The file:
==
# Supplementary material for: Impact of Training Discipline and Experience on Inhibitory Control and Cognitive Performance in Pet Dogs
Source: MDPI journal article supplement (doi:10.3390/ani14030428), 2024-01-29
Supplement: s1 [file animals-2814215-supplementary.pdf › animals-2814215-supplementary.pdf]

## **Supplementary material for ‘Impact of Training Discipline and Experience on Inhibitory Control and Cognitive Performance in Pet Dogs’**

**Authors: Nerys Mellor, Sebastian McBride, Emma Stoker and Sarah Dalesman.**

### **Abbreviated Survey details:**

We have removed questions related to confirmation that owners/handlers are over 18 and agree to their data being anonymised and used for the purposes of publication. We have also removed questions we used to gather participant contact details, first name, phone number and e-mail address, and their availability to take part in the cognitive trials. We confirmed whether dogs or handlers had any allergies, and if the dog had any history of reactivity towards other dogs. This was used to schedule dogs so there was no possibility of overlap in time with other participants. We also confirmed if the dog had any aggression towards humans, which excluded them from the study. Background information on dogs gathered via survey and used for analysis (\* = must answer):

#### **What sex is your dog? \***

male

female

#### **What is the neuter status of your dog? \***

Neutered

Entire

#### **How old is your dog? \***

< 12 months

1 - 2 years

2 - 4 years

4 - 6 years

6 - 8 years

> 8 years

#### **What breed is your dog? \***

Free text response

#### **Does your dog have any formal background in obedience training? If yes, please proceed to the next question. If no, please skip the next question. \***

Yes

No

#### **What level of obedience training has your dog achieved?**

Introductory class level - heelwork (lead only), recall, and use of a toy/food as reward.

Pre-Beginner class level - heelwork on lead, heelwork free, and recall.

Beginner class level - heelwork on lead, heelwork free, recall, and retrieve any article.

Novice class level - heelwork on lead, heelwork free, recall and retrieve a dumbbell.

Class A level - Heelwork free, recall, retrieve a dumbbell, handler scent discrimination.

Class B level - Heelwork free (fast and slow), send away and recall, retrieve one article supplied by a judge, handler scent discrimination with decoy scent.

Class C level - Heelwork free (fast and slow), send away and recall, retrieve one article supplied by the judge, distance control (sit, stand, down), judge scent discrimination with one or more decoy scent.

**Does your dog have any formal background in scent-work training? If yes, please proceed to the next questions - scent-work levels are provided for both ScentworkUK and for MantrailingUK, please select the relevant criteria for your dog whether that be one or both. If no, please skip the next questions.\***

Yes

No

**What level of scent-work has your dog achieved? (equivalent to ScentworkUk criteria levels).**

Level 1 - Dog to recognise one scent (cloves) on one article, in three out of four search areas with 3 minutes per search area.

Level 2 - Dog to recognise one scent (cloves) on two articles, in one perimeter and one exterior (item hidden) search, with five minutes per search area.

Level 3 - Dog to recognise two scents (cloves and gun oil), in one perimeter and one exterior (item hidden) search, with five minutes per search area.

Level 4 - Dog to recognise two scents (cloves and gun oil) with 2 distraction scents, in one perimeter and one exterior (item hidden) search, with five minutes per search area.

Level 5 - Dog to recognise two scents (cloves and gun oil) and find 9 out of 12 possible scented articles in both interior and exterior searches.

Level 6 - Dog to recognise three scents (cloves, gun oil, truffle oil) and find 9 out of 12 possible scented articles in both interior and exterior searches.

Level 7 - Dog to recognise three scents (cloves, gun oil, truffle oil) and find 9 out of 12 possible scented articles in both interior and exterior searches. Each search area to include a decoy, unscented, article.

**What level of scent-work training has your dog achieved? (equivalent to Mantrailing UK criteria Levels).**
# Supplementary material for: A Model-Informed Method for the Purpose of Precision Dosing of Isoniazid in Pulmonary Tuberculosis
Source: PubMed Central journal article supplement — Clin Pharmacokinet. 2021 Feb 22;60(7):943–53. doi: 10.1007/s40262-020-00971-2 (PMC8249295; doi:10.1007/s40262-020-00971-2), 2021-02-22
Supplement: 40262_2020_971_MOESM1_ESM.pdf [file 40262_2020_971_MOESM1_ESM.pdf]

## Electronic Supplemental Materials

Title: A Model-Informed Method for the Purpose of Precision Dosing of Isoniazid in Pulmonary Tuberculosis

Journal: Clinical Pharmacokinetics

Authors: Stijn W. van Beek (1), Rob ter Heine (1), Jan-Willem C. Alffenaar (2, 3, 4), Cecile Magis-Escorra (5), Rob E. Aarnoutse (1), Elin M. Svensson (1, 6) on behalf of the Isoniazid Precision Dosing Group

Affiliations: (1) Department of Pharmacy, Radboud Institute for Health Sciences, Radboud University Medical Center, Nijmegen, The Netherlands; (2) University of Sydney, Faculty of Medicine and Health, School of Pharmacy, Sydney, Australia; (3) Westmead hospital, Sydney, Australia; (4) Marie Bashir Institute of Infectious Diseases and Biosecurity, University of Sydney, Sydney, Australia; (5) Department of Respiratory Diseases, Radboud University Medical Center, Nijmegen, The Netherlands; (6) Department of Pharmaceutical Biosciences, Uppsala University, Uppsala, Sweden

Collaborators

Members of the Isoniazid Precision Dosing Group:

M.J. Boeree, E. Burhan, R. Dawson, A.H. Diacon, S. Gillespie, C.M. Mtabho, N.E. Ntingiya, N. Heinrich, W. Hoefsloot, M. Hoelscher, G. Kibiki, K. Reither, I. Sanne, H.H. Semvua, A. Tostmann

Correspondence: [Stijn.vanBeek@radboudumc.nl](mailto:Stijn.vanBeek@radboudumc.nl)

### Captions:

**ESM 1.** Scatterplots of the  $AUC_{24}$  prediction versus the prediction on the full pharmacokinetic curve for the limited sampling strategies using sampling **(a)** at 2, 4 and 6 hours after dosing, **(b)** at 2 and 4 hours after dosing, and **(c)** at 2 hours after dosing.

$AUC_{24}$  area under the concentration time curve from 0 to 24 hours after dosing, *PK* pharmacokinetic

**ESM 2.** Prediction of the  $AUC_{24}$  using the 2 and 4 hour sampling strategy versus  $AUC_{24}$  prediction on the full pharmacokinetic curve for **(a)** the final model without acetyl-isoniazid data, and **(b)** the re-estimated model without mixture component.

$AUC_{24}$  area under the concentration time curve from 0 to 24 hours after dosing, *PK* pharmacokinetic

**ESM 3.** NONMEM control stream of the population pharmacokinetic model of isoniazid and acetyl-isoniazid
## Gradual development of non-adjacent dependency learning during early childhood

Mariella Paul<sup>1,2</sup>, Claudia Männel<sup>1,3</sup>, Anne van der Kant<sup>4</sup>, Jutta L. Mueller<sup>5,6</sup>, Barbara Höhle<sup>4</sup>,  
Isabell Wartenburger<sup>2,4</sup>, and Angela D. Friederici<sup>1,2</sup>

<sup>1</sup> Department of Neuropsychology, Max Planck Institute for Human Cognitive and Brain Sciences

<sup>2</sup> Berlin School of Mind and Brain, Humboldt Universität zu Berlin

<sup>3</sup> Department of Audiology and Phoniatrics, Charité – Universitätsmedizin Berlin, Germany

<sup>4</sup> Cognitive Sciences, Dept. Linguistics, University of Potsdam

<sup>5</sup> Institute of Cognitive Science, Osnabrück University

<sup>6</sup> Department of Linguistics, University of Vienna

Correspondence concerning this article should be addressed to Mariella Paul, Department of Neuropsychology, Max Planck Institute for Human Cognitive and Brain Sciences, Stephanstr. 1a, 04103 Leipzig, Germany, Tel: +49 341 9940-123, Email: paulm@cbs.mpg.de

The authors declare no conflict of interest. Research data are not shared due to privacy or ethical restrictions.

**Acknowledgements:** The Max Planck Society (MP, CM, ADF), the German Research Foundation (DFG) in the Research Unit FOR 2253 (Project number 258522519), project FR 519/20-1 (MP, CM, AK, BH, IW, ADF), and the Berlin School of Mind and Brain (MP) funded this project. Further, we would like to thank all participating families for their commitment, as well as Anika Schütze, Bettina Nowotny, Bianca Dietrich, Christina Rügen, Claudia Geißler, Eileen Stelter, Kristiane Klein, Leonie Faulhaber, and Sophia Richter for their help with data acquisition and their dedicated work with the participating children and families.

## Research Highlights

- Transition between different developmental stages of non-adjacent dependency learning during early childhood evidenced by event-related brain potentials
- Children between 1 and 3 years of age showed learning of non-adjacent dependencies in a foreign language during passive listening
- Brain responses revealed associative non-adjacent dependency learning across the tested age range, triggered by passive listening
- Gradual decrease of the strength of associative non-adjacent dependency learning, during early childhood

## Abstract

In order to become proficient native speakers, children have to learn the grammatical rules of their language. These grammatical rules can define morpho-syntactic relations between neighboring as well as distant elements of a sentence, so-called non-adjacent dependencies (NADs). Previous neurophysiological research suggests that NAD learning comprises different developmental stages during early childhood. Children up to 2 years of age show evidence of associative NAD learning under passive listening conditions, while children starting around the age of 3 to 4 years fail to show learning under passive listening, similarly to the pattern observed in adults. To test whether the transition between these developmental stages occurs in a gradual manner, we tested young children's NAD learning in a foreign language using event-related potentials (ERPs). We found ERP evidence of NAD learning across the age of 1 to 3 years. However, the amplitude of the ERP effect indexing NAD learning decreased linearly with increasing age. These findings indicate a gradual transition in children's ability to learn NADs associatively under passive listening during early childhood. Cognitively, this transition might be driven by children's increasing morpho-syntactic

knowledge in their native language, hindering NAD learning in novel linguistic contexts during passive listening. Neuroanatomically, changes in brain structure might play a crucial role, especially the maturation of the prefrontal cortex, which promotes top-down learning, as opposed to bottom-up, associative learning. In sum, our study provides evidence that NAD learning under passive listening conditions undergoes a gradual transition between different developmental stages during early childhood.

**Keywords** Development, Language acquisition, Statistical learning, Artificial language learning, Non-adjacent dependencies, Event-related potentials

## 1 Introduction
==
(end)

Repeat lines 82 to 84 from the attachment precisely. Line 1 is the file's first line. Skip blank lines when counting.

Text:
In order to become proficient native speakers, children have to learn the grammatical rules of their language. These grammatical rules can define morpho-syntactic relations between neighboring as well as distant elements of a sentence, so-called non-adjacent dependencies (NADs). Previous neurophysiological research suggests that NAD learning comprises different developmental stages during early childhood. Children up to 2 years of age show evidence of associative NAD learning under passive listening conditions, while children starting around the age of 3 to 4 years fail to show learning under passive listening, similarly to the pattern observed in adults. To test whether the transition between these developmental stages occurs in a gradual manner, we tested young children's NAD learning in a foreign language using event-related potentials (ERPs). We found ERP evidence of NAD learning across the age of 1 to 3 years. However, the amplitude of the ERP effect indexing NAD learning decreased linearly with increasing age. These findings indicate a gradual transition in children's ability to learn NADs associatively under passive listening during early childhood. Cognitively, this transition might be driven by children's increasing morpho-syntactic

knowledge in their native language, hindering NAD learning in novel linguistic contexts during passive listening. Neuroanatomically, changes in brain structure might play a crucial role, especially the maturation of the prefrontal cortex, which promotes top-down learning, as opposed to bottom-up, associative learning. In sum, our study provides evidence that NAD learning under passive listening conditions undergoes a gradual transition between different developmental stages during early childhood.

**Keywords** Development, Language acquisition, Statistical learning, Artificial language learning, Non-adjacent dependencies, Event-related potentials